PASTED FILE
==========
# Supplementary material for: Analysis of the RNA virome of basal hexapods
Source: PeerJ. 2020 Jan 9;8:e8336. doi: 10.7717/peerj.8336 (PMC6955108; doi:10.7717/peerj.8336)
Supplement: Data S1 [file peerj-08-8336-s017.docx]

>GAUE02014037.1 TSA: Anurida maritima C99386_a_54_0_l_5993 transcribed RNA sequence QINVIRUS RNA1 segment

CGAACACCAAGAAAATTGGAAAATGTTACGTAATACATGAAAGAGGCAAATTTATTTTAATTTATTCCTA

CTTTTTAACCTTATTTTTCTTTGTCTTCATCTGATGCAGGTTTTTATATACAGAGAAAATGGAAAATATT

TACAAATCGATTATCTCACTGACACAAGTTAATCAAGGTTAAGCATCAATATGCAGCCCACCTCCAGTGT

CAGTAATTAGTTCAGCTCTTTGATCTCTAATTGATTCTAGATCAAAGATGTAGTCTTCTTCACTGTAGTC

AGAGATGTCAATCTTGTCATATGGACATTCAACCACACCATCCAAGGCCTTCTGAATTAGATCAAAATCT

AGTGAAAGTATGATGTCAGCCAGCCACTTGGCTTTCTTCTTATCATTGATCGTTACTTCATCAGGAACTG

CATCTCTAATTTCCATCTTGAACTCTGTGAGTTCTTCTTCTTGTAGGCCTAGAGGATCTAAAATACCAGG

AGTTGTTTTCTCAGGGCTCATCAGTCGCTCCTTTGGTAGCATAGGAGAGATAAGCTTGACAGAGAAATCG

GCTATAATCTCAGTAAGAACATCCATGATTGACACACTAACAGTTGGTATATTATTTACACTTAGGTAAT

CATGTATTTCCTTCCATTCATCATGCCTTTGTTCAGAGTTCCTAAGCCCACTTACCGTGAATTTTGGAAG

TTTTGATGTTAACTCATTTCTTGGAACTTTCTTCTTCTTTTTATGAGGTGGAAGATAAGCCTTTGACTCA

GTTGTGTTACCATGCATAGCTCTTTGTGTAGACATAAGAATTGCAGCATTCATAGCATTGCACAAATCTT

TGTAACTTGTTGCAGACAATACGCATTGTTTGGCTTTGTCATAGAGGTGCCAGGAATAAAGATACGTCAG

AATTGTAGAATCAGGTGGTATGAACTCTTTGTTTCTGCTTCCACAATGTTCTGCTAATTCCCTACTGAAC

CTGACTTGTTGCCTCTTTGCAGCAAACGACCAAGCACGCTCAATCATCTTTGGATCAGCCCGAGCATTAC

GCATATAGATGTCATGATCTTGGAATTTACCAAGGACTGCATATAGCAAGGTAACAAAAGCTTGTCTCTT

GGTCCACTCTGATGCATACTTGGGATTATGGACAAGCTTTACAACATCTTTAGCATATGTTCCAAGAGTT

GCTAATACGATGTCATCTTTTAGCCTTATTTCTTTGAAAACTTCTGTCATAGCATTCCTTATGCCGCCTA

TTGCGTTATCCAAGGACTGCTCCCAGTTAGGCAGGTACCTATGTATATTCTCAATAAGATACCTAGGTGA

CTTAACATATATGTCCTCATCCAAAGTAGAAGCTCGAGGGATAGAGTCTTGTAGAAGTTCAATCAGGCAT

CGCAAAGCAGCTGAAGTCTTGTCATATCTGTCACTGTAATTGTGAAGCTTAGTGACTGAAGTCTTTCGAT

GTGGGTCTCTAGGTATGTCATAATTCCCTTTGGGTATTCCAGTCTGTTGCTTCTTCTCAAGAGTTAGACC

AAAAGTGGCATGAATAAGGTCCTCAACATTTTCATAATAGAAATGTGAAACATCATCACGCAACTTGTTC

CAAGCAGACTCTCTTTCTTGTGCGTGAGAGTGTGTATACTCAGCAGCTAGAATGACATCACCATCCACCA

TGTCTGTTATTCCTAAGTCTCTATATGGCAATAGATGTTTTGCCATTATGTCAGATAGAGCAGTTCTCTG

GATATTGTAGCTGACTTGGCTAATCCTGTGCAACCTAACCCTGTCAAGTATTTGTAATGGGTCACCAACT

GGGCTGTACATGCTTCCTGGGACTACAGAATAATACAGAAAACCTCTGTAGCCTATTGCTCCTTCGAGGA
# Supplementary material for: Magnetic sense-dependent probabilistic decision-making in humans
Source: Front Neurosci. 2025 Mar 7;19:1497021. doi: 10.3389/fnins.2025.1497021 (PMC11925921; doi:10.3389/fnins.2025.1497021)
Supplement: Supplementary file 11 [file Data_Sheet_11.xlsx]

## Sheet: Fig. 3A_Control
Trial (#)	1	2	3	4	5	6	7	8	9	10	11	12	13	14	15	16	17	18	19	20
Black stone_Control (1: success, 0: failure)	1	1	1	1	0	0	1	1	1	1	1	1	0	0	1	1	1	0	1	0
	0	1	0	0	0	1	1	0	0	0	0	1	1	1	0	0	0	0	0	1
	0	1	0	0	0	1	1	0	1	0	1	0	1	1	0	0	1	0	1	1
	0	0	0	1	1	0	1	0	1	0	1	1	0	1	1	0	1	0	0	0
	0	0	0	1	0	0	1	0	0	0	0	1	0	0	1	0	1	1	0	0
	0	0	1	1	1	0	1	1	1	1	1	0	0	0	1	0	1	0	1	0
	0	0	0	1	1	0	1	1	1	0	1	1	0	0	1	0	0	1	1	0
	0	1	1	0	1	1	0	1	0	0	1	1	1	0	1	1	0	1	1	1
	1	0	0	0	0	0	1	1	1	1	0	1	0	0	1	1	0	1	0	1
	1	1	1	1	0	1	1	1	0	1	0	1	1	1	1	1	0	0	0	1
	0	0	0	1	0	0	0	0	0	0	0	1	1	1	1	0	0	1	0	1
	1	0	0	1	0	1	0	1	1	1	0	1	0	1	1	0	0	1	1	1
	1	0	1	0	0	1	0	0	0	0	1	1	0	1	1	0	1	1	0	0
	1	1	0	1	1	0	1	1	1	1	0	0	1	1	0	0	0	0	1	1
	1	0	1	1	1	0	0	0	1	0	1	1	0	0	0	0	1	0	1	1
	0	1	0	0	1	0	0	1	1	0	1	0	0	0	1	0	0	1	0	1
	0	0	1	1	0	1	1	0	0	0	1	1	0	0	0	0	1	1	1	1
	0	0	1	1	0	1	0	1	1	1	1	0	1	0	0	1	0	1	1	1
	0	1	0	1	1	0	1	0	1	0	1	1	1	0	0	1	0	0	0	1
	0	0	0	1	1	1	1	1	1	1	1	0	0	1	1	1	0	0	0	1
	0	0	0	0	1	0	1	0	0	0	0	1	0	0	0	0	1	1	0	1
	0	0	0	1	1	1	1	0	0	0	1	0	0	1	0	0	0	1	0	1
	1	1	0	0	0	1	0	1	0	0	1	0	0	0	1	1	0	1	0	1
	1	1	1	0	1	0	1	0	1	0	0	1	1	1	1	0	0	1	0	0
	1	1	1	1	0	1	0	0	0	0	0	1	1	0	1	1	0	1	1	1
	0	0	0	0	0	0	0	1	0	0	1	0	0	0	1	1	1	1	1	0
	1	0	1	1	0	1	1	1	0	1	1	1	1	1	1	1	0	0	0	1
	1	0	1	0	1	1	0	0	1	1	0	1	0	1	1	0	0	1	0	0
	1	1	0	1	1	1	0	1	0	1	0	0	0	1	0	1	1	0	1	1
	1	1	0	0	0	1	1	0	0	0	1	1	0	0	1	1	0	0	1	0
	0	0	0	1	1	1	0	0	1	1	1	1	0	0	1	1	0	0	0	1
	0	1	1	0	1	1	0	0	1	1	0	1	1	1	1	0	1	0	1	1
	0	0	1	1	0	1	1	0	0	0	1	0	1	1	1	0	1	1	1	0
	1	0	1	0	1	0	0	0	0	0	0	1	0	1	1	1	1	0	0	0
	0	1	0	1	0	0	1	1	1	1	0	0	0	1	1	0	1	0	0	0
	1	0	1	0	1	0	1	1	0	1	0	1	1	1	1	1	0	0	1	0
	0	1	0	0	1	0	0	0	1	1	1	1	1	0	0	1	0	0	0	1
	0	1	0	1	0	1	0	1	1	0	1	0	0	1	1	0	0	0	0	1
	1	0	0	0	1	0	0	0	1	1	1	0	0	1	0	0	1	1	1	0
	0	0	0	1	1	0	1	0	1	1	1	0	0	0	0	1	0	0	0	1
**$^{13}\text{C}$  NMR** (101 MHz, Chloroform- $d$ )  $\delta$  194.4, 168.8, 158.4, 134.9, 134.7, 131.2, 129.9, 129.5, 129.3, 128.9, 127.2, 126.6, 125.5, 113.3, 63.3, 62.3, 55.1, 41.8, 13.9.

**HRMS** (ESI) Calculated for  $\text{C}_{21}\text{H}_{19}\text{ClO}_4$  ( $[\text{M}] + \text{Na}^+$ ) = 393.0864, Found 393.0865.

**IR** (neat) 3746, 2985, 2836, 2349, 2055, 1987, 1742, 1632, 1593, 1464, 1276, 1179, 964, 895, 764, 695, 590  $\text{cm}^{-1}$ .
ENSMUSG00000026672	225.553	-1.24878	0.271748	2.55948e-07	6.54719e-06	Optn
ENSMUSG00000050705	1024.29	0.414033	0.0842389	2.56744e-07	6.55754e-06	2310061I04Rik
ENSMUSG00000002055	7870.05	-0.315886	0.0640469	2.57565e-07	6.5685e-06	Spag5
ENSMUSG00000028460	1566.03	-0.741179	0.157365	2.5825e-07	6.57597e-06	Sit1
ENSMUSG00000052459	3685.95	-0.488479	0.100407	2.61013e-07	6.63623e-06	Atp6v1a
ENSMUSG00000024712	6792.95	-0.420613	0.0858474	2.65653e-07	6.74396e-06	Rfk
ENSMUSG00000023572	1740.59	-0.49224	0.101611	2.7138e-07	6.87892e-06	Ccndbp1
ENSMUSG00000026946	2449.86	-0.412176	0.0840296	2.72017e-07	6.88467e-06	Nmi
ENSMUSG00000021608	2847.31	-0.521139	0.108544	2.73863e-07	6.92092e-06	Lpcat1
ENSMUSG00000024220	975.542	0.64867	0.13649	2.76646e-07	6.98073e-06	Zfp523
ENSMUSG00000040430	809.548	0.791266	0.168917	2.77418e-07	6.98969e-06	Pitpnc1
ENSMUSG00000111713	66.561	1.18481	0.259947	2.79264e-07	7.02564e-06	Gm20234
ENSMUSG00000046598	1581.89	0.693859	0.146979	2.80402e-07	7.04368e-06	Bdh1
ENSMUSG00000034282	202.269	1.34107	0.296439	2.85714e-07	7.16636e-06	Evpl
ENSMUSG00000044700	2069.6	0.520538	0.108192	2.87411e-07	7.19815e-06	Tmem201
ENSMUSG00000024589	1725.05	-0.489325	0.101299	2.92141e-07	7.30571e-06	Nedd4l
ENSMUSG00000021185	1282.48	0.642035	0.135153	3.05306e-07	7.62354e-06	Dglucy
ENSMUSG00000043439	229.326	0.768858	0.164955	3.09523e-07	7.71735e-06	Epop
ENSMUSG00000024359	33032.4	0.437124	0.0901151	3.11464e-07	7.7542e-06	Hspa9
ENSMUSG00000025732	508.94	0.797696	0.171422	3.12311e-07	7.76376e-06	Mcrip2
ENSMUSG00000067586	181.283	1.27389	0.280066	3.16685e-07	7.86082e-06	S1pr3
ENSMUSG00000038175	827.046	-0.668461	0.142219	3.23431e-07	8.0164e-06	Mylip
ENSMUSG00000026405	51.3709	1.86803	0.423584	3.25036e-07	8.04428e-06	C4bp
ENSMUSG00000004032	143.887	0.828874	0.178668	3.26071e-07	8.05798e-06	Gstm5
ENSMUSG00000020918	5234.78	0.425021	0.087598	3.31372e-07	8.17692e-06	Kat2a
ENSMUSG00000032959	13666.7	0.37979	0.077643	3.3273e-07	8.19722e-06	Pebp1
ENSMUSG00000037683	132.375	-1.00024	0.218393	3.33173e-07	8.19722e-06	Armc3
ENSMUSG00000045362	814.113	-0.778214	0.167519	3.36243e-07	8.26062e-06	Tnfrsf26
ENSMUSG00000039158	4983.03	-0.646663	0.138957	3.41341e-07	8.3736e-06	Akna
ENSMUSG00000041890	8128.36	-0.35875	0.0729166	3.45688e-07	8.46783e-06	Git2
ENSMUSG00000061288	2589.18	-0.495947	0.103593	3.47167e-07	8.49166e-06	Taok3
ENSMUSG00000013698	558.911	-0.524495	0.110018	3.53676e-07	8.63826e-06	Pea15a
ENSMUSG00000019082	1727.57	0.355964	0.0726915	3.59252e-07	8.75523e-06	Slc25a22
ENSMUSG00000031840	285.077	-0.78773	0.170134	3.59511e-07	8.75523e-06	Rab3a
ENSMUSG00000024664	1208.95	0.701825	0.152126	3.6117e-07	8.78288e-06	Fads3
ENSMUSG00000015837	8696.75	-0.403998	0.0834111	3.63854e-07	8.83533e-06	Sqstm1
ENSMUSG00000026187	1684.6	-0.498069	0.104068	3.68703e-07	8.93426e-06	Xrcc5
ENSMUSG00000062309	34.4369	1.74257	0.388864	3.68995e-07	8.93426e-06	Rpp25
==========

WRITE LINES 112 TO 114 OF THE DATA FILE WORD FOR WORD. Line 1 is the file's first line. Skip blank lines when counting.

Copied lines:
ENSMUSG00000019082	1727.57	0.355964	0.0726915	3.59252e-07	8.75523e-06	Slc25a22
ENSMUSG00000031840	285.077	-0.78773	0.170134	3.59511e-07	8.75523e-06	Rab3a
ENSMUSG00000024664	1208.95	0.701825	0.152126	3.6117e-07	8.78288e-06	Fads3